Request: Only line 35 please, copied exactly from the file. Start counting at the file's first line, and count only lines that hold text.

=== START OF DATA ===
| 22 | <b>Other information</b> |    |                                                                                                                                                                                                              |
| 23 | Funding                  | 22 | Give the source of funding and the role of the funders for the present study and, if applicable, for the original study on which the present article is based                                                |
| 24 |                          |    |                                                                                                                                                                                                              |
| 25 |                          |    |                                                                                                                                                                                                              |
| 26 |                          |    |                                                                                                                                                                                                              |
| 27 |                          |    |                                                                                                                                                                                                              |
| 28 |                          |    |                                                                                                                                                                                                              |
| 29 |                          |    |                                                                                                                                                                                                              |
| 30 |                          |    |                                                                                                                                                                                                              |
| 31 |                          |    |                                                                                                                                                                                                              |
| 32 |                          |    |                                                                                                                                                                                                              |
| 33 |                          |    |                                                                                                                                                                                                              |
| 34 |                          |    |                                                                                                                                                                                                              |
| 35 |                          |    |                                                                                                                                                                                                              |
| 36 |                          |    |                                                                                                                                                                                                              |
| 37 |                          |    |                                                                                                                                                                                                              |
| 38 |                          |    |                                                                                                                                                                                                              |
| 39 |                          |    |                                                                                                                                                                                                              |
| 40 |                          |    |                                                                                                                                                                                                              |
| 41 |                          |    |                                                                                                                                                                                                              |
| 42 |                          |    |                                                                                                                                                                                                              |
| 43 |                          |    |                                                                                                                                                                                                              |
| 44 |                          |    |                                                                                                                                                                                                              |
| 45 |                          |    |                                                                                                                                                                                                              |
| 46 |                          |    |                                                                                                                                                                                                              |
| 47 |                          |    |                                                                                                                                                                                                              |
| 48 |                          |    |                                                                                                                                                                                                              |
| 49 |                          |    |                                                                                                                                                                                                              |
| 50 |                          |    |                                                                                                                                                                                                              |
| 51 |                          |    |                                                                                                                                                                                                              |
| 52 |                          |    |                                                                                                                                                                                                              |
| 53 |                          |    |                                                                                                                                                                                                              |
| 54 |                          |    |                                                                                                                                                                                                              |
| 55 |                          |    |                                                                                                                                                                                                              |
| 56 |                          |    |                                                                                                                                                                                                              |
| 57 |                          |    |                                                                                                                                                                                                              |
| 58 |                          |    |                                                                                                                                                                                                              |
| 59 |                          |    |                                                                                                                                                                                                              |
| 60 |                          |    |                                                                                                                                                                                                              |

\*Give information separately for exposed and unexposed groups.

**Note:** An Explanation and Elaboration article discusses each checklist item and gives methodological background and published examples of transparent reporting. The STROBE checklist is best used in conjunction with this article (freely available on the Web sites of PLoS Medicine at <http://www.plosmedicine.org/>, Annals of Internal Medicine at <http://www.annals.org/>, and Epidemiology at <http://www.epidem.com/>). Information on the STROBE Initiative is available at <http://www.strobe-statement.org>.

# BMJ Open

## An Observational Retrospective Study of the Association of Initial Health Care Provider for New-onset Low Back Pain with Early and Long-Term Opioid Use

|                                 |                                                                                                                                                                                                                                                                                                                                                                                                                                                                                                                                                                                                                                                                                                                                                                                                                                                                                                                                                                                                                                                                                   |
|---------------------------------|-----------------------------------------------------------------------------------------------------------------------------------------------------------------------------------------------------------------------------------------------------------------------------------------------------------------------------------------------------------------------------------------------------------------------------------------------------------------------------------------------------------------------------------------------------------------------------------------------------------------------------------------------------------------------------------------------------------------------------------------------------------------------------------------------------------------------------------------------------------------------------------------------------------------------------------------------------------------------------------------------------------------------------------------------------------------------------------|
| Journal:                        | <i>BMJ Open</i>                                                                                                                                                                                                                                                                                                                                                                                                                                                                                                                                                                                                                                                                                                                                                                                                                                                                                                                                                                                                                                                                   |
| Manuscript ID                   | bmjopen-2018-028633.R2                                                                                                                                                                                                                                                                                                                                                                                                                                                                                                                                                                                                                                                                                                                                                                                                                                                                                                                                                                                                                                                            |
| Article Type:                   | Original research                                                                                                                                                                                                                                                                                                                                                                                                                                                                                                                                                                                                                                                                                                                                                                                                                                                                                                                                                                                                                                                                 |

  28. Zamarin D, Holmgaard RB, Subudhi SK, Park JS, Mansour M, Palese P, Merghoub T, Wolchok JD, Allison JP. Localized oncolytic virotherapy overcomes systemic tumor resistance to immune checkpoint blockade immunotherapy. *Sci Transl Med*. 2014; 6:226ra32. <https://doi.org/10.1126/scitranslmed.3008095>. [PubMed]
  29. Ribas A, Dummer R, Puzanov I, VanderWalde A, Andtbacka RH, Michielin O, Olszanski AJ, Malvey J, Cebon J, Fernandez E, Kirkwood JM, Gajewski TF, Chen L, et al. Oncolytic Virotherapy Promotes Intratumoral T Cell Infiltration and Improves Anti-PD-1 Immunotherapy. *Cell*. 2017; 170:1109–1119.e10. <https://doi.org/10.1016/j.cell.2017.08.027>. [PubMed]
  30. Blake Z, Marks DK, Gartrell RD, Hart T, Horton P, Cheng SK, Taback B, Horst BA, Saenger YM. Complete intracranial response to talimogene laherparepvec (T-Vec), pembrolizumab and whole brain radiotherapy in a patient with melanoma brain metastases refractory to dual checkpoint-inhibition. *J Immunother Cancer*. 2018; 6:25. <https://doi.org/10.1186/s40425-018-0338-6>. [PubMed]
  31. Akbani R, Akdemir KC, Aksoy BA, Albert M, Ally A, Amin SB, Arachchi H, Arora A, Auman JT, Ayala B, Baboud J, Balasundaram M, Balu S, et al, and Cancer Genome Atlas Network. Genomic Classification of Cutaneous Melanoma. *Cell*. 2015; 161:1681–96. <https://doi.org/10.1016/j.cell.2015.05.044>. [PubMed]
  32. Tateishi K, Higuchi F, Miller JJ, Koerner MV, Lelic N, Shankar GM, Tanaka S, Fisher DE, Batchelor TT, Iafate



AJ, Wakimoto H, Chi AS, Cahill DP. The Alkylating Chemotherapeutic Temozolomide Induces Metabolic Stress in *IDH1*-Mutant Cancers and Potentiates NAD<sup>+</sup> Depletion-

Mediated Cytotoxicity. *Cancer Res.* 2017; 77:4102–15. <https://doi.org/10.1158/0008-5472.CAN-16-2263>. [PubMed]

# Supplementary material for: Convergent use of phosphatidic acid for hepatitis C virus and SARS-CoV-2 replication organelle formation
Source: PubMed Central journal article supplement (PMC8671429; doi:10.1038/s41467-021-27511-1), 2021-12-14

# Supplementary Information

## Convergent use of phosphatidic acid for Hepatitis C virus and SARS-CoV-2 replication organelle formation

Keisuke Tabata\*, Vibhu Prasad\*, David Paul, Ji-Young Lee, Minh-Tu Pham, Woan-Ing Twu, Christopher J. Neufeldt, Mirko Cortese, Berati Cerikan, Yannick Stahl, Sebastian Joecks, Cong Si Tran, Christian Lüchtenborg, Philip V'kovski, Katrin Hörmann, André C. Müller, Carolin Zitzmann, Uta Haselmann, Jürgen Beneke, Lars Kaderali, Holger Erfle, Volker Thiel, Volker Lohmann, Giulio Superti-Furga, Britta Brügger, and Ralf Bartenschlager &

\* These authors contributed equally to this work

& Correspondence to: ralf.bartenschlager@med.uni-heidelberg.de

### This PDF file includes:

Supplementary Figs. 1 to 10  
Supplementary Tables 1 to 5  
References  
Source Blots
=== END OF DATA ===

| 56 |                          |    |                                                                                                                                                                                                              |